Thursday, May 30, 2013

all this wasted ambition

I started my summer break thinking I'd keep the productive momentum of the semester going by working on a few writing/book projects: I have a scrapbook project (my most memorable places in Saginaw) that I figured I'd finally try to finish, and a blank book I started making which was inspired by a chapbook for poetry class entitled "Letters from Other Versions of Me." And I've got a possible thematic idea for my thesis this fall that I want to explore.

Then, of course, I started watching seasons of Dr. Who on Netflix and that lazy "it's summer, time for a break" mentality took over.

It was somewhat exacerbated by a back injury I had last week. Any number of seemingly-insignificant factors could have contributed, but the result was a spasm in my lower back as I was getting ready for work on Tuesday morning that resulted in me heading back home after two hours, because it hurt too much to sit or stand. So I laid on the heating pad for awhile, got back up around 3:30 to meet with the new Editor-in-Chief of the UB Post (that torch has officially been passed, which is a load off my mind) then went back to the couch for the rest of the evening.

I got up Wednesday long enough to shower and get dressed before deciding that work was out of the question again. So it was back to the couch and the heating pad, where I did a fair bit of reading and wasting time online before turning on the TV. By evening, I was determined to go back to work on Thursday simply because laying around the house is just not for me. Even though my lower back was sore, the rest of my body was restless from being in one place for so long and I started to get a headache from being immobile.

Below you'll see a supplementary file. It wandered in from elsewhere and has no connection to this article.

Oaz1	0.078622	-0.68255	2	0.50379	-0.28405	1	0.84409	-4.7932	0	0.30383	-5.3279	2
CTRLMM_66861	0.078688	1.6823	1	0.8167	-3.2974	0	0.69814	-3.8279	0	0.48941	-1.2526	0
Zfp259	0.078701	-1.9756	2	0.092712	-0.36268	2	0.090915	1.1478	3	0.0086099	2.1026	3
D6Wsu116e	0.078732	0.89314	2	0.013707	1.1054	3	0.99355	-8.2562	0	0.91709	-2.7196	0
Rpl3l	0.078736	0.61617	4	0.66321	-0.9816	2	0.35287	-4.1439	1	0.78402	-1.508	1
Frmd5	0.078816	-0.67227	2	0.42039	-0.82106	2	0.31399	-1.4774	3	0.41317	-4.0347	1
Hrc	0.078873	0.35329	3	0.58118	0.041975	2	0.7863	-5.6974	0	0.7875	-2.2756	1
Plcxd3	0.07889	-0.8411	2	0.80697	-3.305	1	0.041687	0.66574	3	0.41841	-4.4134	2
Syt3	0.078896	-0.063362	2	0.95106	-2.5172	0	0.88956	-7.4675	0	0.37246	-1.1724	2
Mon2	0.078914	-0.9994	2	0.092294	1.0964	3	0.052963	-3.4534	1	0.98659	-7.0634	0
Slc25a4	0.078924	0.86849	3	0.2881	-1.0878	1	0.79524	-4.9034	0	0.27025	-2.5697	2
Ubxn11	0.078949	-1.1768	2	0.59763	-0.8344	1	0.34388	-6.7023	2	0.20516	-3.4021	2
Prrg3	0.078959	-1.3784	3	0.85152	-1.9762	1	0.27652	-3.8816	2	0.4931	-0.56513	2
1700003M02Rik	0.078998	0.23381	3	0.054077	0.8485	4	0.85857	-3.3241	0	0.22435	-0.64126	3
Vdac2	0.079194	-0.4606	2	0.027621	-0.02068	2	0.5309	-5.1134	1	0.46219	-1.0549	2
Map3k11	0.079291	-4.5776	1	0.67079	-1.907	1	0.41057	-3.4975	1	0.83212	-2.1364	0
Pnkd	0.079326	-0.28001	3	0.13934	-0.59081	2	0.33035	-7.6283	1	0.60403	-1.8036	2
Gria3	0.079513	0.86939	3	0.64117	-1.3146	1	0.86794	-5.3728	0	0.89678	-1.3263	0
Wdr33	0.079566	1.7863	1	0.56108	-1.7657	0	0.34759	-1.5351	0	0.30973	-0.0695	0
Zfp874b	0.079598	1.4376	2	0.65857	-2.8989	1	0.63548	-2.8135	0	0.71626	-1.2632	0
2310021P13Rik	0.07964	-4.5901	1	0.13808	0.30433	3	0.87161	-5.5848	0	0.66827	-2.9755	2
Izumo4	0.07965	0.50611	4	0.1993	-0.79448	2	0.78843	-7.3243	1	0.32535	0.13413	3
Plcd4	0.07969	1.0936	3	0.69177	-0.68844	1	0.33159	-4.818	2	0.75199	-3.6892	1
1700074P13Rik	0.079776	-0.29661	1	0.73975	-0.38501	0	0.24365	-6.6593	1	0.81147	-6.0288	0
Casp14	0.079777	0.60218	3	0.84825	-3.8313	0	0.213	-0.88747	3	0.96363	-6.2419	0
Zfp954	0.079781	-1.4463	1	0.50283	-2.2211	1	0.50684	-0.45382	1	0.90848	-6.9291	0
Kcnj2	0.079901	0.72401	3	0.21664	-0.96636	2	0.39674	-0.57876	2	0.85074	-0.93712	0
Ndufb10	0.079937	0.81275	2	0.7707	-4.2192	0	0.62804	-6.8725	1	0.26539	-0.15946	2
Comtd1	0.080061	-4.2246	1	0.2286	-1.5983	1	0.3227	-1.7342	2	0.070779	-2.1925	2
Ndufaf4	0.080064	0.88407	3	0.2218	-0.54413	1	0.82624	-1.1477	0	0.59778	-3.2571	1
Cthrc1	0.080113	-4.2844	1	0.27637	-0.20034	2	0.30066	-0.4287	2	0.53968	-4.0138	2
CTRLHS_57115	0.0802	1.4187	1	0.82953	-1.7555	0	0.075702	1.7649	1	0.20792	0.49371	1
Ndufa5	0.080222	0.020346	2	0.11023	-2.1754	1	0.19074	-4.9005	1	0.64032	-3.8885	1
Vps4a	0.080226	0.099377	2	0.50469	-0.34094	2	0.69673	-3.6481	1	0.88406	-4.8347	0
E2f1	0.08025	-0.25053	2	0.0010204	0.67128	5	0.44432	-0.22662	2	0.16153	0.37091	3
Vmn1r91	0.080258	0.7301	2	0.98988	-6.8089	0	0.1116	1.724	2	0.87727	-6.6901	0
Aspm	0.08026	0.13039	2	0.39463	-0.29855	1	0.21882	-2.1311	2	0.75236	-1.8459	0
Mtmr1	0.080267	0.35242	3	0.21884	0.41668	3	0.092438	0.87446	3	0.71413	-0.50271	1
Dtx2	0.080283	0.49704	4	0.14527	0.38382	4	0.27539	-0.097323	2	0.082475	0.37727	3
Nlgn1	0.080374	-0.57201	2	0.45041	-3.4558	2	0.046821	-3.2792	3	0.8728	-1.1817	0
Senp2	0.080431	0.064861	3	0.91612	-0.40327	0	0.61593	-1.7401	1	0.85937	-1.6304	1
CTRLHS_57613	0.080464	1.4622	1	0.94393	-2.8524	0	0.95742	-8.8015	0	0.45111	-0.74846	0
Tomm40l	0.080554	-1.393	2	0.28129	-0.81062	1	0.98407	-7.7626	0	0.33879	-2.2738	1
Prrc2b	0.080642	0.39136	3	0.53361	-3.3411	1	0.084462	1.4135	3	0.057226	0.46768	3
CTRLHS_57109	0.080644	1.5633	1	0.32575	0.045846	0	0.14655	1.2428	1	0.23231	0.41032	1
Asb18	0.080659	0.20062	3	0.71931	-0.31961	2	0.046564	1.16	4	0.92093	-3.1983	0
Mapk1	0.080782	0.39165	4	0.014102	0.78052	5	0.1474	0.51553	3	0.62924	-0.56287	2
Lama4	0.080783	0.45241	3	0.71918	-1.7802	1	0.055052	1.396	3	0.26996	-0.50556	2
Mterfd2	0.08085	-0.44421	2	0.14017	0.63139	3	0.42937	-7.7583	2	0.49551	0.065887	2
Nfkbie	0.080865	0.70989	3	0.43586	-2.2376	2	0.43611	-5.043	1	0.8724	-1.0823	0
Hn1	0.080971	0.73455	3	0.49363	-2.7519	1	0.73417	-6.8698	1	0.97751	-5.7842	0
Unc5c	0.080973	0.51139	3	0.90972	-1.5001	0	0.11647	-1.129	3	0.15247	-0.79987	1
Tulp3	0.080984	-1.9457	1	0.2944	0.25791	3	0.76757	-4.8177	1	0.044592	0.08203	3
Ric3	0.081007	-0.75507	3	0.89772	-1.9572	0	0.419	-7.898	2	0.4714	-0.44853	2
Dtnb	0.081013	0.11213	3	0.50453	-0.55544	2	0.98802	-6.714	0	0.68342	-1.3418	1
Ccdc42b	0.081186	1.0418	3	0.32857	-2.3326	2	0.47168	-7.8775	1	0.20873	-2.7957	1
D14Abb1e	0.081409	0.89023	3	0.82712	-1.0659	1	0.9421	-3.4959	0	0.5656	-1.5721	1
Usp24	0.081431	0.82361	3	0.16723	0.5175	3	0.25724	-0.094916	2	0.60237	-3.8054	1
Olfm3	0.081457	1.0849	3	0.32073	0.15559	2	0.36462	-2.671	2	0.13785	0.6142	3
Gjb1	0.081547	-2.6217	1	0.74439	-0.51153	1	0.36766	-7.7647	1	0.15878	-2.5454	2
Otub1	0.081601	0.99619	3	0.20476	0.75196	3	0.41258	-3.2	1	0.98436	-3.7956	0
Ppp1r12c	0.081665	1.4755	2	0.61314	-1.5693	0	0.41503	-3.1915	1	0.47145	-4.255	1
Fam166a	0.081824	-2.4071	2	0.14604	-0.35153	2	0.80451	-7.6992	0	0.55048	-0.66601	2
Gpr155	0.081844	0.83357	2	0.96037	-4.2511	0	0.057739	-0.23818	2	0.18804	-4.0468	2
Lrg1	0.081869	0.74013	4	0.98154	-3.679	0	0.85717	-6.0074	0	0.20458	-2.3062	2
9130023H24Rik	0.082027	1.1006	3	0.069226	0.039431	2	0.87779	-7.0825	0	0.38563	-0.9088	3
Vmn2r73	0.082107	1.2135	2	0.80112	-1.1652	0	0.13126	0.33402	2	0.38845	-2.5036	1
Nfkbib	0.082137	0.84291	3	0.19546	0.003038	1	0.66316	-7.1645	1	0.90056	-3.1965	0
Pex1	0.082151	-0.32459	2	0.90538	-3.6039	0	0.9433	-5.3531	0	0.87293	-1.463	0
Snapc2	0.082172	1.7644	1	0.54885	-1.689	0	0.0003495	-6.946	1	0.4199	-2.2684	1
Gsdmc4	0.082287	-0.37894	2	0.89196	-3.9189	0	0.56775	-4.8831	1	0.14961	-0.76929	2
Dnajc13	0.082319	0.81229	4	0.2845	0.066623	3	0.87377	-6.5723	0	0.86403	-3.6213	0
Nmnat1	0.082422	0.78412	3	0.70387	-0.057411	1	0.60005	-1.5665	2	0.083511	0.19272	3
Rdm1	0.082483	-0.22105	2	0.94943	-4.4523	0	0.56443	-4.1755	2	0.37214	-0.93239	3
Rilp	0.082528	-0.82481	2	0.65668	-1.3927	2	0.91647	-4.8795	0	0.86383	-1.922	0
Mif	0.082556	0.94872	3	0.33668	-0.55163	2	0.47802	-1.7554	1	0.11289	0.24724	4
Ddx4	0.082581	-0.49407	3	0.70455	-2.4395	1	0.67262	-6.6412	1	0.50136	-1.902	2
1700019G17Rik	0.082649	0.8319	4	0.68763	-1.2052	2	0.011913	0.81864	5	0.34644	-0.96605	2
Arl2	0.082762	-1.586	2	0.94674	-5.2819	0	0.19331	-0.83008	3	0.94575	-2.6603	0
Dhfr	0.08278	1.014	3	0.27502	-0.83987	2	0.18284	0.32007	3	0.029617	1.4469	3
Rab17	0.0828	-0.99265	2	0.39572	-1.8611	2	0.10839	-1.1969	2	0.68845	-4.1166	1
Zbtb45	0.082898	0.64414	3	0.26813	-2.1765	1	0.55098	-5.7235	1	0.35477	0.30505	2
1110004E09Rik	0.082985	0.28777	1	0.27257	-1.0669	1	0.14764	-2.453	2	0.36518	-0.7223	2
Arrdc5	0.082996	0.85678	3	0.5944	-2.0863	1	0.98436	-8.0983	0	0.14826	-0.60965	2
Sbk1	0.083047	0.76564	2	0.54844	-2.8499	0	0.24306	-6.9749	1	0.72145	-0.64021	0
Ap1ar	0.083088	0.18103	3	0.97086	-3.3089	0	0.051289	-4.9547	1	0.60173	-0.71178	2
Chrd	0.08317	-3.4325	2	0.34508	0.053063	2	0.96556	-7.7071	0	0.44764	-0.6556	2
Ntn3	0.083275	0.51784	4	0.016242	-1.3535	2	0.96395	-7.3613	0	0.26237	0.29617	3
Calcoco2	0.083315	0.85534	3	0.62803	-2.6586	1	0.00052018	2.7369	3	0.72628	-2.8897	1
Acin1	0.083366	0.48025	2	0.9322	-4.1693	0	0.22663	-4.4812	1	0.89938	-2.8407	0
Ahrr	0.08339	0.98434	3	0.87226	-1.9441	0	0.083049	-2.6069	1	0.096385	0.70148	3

Why do we (or at least I) feel that a day of "doing nothing" is a waste? And are we ever really doing nothing?

My attendance at work is otherwise very good and my boss never even hinted any kind of disapproval for missing the time I did. (In fact, she responded sympathetically to my "I'm not coming in today" email and suggested I try alternating the heating pad with some ice, which helped immensely). Perhaps it's just a personal characteristic/flaw that makes me feel like I always need to be working on or toward something, even on a small level. Maybe I need to find a better way to organize or document my time so I can see that I have been working on things, even if many of them remain unfinished.

I do plan to continue watching Dr. Who though, if only on the grounds that it has roundaboutly inspired a couple of story ideas.

It's funny, I can't really imagine a life in which this "summer mentality" goes on indefinitely -- specifically in terms of the absence of school, and with no deadlines hanging over my head. I don't know if I should try it more, after my MFA, or dive back in to something else.

Wednesday, May 8, 2013

An open letter

to the clearly unemployed alumnus who graduated nearly 20 years ago and still spends as many as eight hours nearly every single day on one of the student computers in the library watching YouTube music videos and doing who knows what else: